Out of This Place
If I had to sum up the purpose of this blog in a sentence, I'd be tempted to do it thus: "This blog is largely about the way the music we grew up with affected us then, and how it sticks with us now." Memory can be (and around here, it often is) a simple phenomenon--old songs remind us of who we were, what we did, and/or how we experienced them back in the day. Sometimes this remembering is a more sophisticated process. Occasionally, we ponder how the meaning of certain songs or the work of certain artists evolves in our lives as our lives tick by.
Most of us who lived our youth with the radio on were fortunate enough to do so in (relatively) peaceful settings. Not everyone. Those who served in Vietnam did so with radios on, too. Doug Bradley, director of communications for the University of Wisconsin System, is one of them. He's collaborating with UW African-American Studies professor Craig Werner, author of several terrific books on R&B, soul, and gospel, on a book that examines the meaning of 60s rock music to those who served in Vietnam. Bradley and Werner have interviewed several hundred vets, and although the book has yet to be published, the authors already have a list of the songs most often mentioned:
1. "We Gotta Get Out of This Place"/The AnimalsOther Recommended Reading: Also making a list recently were the people at National Review Online, who compiled a list of the Top 50 Conservative Rock Songs. In true conservative fashion, NRO required a $21.95 subscription to their website to see it. In true rock and roll fashion, however, it foiled the establishment's best attempts to contain it and busted out. Number One: "Won't Get Fooled Again" by the Who. Pandagon, one of my favorite political/cultural websites, discussed a few of the songs to make the list. If you're a conservative, you'll probably want to skip the Pandagon post and pony up the money at NRO. If you're a liberal, get thyself to Pandagon forthwith.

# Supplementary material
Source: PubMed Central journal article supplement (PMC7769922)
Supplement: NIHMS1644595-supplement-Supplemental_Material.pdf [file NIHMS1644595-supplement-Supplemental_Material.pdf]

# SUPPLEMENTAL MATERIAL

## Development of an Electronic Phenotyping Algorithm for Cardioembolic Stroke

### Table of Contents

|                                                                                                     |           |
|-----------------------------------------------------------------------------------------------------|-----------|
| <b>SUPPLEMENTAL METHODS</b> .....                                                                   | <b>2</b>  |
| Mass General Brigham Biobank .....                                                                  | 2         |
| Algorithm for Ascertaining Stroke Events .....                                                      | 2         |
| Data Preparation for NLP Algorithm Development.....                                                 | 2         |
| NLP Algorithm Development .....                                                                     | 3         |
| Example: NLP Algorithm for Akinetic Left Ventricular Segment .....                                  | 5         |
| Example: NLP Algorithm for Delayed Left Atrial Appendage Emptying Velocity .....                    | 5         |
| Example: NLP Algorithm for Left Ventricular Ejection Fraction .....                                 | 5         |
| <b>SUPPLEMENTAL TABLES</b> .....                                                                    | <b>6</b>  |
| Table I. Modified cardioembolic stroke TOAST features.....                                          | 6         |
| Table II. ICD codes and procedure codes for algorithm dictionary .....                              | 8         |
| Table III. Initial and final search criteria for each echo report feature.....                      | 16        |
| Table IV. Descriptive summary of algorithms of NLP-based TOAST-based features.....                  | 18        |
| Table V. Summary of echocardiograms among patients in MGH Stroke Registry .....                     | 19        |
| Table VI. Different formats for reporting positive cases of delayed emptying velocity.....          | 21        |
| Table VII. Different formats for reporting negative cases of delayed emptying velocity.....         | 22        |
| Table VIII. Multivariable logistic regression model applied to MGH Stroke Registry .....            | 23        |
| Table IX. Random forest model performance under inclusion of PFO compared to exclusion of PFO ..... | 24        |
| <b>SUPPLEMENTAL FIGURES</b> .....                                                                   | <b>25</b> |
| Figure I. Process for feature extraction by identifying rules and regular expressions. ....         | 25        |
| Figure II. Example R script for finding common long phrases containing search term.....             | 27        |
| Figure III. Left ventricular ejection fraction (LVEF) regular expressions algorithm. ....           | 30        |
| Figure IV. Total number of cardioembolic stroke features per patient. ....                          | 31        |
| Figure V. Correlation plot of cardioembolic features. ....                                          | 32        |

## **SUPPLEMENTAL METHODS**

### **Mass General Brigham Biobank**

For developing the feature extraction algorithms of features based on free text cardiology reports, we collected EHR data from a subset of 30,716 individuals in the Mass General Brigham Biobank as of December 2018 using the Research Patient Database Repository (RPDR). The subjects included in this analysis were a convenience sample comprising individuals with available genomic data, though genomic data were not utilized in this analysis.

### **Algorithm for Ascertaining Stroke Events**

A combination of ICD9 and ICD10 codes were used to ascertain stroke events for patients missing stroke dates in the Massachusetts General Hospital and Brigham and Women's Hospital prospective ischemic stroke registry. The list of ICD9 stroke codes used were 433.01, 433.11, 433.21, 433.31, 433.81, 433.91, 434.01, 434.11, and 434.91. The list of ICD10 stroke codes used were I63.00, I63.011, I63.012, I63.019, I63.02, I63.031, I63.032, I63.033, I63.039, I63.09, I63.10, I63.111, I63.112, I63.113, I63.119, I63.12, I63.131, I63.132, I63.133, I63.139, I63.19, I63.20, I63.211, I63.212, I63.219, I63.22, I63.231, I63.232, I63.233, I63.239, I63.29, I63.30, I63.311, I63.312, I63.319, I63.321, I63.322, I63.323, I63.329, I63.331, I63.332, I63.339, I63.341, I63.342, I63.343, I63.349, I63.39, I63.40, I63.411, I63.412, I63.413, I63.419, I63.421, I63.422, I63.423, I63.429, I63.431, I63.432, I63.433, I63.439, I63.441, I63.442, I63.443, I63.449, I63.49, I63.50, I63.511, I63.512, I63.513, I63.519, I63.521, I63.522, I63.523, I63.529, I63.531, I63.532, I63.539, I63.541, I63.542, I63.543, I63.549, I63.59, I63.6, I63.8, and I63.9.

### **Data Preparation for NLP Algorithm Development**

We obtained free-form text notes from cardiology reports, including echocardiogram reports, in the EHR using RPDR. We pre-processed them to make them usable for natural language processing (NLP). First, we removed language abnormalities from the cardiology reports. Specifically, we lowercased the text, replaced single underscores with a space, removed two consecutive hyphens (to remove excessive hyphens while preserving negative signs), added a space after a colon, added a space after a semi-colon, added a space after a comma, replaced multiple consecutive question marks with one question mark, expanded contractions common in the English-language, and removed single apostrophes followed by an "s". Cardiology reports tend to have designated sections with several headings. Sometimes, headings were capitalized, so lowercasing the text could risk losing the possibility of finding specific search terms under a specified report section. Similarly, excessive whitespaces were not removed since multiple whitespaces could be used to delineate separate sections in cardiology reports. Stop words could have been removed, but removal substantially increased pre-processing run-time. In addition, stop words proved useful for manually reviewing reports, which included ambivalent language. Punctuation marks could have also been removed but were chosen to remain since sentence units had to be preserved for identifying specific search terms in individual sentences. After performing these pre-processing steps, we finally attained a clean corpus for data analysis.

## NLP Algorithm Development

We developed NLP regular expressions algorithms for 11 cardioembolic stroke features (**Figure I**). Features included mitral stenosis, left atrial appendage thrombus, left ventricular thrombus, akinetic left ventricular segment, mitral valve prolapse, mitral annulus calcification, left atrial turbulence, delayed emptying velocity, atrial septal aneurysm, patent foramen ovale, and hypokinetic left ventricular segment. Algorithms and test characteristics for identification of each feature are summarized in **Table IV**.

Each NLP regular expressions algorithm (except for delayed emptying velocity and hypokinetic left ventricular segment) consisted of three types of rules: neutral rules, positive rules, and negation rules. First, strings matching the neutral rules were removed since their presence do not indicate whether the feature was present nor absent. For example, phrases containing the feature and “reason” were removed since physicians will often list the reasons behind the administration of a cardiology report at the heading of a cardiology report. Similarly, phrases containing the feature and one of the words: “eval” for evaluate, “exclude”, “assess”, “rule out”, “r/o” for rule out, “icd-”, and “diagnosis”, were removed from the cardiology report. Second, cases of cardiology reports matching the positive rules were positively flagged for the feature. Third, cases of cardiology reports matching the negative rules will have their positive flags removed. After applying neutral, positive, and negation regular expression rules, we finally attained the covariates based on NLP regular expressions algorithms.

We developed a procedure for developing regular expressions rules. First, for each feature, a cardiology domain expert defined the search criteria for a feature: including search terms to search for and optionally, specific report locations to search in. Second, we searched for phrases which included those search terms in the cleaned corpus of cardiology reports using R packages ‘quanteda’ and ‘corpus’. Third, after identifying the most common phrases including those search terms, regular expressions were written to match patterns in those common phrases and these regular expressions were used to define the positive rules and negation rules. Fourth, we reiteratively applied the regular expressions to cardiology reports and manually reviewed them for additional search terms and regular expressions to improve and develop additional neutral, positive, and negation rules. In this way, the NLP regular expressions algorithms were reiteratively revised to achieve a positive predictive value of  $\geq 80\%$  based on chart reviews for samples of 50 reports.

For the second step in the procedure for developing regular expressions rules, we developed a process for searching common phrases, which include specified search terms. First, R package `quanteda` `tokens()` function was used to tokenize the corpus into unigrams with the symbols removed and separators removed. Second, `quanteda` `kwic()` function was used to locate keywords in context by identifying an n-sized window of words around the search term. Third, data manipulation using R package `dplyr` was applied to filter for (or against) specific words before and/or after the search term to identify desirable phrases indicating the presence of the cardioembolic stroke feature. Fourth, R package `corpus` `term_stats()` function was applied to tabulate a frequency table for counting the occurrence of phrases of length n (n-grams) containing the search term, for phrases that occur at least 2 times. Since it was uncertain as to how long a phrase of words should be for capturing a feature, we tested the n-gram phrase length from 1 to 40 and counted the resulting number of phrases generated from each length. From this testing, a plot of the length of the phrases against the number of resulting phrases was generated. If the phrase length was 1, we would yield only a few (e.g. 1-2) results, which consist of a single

2. "Chain of Fools"/Aretha Franklin
3. "Fortunate Son"/Creedence Clearwater Revival
4. "(Sitting on) The Dock of the Bay"/Otis Redding
5. "These Boots Are Made for Walking"/Nancy Sinatra
6. "The Fightin' Side of Me"/Merle Haggard
7. "What's Going On"/Marvin Gaye
8. "Nowhere to Run"/Martha Reeves and the Vandellas
9. "I Feel Like I'm Fixing to Die Rag"/Country Joe and the Fish
10. "Purple Haze"/Jimi Hendrix
At Salon, there's a review of a new book called Laurel Canyon: The Inside Story of Rock and Roll's Legendary Neighborhood, by Michael Walker. There's an argument that the roster of late 60s/early 70s residents in the Laurel Canyon area of Los Angeles meant as much to rock history as the artists on the bill at Woodstock or the ones who lived in the Haight-Ashbury during the Summer of Love: Joni Mitchell, Graham Nash, David Crosby, Stephen Stills, John and Michelle Phillips, Carole King, Jackson Browne, Don Henley, Glenn Frey, Roger McGuinn and Chris Hillman of the Byrds, John Densmore and Robby Krieger of the Doors, John Kay of Steppenwolf, Mickey Dolenz of the Monkees, and Mark Volman of the Turtles. (If you're not a Salon subscriber, you'll have to watch a brief ad before you can read the article, but this one is worth the wait.)
Also: Jean Knight's "Mr. Big Stuff" became one of the last great classics of Southern soul during the summer of 1971. Soul Sides pays tribute, with downloads--but hurry, the post went up late last week, and the links are only live for a few days.